(don’t just list the positives or negatives; try to connect them e.g. with phrases like “in the long term…in the short term”, “in theory…but in practice…”, “In this part of the world…but in that part of the world…)
· Evidence backing up our argument with regard to our second definition
(and repeat this format for the remaining definitions)
· Overall conclusion
This is your closing judgement where you aim to make a grand overall statement which answers the key question in just a couple of sentences. Frame this as a “quote” in a large font size. Make it arresting, thought-provoking, even controversial. Imagine perhaps the closing statement made by a narrator in a TV documentary just before the credits roll, the music swells up and he/she walks off into the horizon…!
NOTE: Each main slide needs to focus on a different DEFINITION of progress, NOT a different CURRICULUM SUBJECT.
• Student groups will use Group 3 lesson time in the following week to deliver their presentations in the Secondary hall with MPO, MBL and RTA as judges (and hopefully also at least one of GFE, NFR, CST).
• All students complete a peer assessment slip to measure the contribution of each person in the team. Supervising teachers collect these in, and use them to spot if any student has been 'carried' by the rest of the team.
• Co-ordinators round off by explaining the next stage of the project (e.g. written essay in Group 3 sessions, to be peer assessed against a clear markscheme).
NOTE about audience participation: As these presentations are in the form of a debate, with pairs of teams pitted against each other to argue for/against process on particular themes, the audience should be encouraged not merely to make notes, but challenged to provide a synthesis which successfully reconciles the points made in each presentation (e.g. progress in the short- but not the long-term; progress in one part of the world/society, but not in another).
Teachers are looking for such things as:
• A thematic argument based on a clear definition of progress, not one based on a ‘subject by subject’ approach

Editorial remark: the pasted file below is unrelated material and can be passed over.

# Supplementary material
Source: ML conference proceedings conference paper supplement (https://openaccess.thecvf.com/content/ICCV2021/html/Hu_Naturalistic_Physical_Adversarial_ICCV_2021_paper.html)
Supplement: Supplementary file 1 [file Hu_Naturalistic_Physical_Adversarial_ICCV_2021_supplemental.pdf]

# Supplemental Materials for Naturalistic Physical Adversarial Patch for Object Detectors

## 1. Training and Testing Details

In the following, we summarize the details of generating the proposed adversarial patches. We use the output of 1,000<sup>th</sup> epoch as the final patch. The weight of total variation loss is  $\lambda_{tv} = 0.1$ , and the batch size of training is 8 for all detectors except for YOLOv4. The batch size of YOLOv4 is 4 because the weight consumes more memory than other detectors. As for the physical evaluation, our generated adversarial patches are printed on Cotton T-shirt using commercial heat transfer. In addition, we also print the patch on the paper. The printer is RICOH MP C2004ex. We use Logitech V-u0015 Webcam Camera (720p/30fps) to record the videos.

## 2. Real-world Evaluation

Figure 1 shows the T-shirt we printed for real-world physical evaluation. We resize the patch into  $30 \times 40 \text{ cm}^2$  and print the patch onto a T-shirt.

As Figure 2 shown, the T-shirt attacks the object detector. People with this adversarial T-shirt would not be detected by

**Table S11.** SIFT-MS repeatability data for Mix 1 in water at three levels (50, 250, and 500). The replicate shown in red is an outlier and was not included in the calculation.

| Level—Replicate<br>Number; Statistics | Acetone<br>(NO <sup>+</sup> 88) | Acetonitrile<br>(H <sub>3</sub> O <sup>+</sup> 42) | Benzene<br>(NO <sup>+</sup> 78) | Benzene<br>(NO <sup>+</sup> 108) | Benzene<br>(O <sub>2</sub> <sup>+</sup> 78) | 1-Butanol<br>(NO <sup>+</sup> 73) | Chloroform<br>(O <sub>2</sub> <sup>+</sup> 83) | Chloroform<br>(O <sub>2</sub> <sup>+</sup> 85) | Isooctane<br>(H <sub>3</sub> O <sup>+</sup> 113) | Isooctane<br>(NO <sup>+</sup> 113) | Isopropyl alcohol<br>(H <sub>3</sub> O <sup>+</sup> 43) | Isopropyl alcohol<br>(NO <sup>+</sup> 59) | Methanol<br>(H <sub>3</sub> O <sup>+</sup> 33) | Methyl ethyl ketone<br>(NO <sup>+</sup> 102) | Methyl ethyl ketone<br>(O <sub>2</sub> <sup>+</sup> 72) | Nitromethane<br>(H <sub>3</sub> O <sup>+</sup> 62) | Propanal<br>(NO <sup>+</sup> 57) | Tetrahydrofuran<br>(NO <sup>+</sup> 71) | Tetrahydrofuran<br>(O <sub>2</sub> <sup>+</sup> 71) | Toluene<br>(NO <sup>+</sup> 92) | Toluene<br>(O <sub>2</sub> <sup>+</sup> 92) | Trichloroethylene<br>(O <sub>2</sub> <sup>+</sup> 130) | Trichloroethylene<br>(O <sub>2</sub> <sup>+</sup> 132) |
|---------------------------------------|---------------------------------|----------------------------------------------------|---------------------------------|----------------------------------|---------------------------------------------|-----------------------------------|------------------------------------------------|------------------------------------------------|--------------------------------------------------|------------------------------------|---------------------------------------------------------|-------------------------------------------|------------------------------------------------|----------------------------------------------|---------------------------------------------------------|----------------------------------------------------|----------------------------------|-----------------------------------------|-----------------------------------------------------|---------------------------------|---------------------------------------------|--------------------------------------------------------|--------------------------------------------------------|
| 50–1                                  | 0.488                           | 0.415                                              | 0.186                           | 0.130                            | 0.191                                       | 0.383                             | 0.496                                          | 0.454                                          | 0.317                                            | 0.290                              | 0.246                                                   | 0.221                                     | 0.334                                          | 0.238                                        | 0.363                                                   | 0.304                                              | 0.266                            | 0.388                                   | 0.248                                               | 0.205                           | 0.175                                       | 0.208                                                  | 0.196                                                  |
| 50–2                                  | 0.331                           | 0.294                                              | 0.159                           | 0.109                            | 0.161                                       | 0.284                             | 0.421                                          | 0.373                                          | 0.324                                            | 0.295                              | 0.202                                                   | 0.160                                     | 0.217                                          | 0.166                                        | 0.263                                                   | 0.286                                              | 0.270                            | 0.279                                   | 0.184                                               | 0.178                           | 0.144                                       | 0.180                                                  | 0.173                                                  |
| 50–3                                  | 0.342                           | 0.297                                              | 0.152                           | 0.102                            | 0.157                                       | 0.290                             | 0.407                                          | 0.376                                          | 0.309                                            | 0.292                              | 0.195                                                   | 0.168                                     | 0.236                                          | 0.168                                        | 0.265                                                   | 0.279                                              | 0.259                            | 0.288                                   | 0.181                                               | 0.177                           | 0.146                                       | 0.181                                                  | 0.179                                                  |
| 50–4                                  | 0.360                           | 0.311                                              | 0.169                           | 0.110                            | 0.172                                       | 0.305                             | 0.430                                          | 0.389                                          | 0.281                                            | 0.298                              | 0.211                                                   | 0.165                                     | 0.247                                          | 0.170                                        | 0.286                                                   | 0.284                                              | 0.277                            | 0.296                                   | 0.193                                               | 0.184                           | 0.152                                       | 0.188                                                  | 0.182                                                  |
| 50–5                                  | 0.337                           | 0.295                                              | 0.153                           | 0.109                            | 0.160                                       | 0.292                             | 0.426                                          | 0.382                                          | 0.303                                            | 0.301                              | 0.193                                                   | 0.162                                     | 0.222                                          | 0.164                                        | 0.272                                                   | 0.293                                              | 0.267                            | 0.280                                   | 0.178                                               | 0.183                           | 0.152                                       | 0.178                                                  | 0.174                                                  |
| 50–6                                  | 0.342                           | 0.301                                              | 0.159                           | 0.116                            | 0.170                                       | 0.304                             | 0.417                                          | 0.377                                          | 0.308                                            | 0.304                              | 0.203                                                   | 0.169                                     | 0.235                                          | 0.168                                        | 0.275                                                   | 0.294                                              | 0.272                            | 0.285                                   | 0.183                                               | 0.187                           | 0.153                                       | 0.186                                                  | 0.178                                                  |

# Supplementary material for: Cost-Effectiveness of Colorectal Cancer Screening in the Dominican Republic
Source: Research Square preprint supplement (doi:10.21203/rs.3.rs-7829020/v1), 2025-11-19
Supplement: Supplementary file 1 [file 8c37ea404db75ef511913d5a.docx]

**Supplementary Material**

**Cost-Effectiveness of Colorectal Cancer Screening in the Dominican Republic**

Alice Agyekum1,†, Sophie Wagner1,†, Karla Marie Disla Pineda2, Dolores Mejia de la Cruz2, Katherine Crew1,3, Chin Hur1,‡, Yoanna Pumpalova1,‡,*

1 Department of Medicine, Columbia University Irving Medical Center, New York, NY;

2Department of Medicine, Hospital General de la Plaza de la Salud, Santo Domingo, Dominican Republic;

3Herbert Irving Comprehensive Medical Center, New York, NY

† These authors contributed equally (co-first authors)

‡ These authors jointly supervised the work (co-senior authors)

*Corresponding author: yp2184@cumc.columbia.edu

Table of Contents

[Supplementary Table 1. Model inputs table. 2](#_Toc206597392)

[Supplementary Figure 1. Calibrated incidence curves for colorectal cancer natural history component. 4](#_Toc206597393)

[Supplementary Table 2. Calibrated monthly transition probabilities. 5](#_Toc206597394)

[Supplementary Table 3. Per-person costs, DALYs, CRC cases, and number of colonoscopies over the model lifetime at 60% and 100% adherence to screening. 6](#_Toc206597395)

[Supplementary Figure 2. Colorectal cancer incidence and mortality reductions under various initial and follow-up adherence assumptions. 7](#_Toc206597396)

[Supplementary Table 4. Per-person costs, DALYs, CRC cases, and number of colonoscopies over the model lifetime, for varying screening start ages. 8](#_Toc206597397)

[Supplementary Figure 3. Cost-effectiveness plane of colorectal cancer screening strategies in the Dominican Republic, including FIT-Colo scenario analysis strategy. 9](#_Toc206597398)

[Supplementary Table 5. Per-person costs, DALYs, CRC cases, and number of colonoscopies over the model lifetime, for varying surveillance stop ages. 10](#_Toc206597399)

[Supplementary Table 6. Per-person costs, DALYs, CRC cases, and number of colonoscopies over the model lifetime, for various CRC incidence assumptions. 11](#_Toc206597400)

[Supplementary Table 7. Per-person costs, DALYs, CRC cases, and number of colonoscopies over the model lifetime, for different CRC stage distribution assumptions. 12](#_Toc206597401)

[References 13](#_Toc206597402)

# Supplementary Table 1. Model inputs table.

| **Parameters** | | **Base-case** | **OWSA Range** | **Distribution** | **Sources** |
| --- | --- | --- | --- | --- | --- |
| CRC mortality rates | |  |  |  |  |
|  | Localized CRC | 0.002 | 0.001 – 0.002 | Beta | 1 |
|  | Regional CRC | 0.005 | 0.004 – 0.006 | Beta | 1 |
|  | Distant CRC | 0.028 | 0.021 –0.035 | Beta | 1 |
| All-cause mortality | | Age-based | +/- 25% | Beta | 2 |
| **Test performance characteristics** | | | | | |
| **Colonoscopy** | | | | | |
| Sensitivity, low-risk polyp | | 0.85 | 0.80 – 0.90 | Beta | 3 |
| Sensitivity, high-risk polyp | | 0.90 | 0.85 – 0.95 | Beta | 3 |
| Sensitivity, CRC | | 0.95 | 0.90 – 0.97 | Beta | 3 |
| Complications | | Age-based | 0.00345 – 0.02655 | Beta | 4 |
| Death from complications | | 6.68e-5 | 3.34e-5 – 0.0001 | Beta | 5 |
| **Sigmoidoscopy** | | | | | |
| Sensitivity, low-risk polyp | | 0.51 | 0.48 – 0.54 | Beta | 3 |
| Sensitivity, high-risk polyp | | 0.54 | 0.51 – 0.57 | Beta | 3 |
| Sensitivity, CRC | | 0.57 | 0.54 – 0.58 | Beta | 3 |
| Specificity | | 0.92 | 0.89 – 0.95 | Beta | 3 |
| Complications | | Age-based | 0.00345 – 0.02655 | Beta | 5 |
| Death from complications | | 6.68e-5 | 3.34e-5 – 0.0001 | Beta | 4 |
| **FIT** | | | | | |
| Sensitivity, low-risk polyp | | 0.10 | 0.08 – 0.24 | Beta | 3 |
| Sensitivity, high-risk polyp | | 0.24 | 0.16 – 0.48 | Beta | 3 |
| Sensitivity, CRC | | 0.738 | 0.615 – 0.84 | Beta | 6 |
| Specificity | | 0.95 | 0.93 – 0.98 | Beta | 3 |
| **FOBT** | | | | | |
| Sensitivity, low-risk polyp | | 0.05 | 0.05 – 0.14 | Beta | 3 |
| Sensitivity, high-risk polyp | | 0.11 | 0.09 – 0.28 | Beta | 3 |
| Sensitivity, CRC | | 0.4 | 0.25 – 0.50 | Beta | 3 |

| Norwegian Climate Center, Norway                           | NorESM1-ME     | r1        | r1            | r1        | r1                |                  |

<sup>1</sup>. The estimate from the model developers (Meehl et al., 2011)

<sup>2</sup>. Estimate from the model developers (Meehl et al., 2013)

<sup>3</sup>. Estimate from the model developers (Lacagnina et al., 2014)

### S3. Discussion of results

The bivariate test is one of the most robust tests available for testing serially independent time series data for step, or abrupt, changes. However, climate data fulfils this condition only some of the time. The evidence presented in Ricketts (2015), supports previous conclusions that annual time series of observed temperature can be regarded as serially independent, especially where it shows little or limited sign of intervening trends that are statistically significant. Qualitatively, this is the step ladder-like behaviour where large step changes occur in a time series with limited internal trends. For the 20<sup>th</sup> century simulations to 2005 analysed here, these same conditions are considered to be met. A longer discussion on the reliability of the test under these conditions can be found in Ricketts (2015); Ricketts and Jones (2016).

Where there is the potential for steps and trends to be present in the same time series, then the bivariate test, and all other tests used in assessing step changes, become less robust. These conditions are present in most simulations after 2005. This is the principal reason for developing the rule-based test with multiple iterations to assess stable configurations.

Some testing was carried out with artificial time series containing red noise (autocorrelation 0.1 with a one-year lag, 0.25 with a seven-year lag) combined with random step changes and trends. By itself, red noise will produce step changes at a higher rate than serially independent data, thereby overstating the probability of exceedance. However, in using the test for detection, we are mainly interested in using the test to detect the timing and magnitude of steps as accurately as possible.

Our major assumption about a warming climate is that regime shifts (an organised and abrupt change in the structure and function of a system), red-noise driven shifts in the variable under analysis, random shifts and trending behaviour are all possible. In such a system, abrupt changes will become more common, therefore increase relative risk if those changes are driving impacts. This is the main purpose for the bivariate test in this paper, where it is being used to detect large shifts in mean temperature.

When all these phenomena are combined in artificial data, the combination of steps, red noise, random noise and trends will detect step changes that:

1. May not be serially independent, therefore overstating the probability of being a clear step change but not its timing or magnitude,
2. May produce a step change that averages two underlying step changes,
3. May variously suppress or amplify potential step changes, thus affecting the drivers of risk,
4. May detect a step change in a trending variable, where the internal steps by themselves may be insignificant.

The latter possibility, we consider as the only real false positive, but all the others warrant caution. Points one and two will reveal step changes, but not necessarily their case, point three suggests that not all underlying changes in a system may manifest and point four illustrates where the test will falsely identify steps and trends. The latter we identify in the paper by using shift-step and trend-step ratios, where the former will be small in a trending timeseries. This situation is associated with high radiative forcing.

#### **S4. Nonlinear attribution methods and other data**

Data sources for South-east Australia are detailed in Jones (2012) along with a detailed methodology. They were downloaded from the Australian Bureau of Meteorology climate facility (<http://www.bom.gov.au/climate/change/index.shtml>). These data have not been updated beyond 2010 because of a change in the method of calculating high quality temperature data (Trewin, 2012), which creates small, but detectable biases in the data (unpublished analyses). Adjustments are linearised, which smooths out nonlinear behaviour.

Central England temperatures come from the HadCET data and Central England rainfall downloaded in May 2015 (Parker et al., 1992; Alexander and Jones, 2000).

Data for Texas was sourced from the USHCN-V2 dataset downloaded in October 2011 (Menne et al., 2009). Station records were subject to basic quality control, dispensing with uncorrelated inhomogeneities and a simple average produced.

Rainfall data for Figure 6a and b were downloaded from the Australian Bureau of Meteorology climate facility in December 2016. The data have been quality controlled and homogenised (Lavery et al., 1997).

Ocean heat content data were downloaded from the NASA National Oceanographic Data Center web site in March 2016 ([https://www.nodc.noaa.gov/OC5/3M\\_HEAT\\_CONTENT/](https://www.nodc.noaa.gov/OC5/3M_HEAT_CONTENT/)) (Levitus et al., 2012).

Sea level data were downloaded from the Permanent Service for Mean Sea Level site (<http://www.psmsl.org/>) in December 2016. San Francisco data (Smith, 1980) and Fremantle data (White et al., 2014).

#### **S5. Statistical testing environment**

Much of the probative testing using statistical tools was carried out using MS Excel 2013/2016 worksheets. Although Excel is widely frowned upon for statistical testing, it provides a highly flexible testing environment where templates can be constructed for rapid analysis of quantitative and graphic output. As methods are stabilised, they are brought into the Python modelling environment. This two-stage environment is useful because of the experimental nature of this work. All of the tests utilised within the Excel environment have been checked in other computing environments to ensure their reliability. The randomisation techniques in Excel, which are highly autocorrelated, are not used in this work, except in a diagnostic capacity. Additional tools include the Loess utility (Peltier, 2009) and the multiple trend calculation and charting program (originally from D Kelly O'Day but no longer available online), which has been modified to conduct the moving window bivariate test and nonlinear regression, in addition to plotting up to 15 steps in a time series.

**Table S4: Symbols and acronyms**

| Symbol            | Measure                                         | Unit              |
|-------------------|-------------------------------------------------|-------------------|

• Each person in the team having a clear contribution
• Engagement with the audience (direct eye contact, asking for involvement)
• Slides which are not simply packed with text that is read out; rather, the slides should provide essential stimulus that is developed by the presenter.
Task 1: Deciding on the most “important” factors
▪ After discussing as a class how we define “important” in history, you should work individually for this task. Write down your view of the FIVE most important ‘impacts’ of World War Two.
▪ Use the presentations from the induction event to help you, and be prepared to explain your choices.
▪ Compare your ideas with a partner, then with the class.
Task 2: Linking the factors
▪ Can these impacts be linked in any meaningful way?
▪ As a class, start this process by considering which words we could add to the following list:
Cause | Result | Therefore | Exacerbated | Accelerated | Consequence | Highlighted
▪ Then, produce a flow diagram linking your factors together. At this stage you might start considering which developments were positive, and which were negative.
Task 3: Writing the essay
At this point you will start writing the essay. Your teacher will provide guidance on this.
Introduction: Set the scene with some engaging fact, quote or anecdote about the war. Outline how you plan to define “progress” and what your essential argument is going to be.
Paragraphs: Make sure each paragraph starts with a sentence making a clear argument or point. Proceed in the remainder of the paragraph to explain your point with appropriate, carefully selected evidence. The line of argument will likely follow the shape of your Google Presentation but you may choose to adapt this based on ideas from other groups.
TIP: Reading purely and simply the first sentence of each paragraph in sequence should provide a coherent summary of your argument if you do your job well.
Conclusion: Restate your central argument and make any appropriate closing observations (e.g. about which region of the world was affected most / least positively).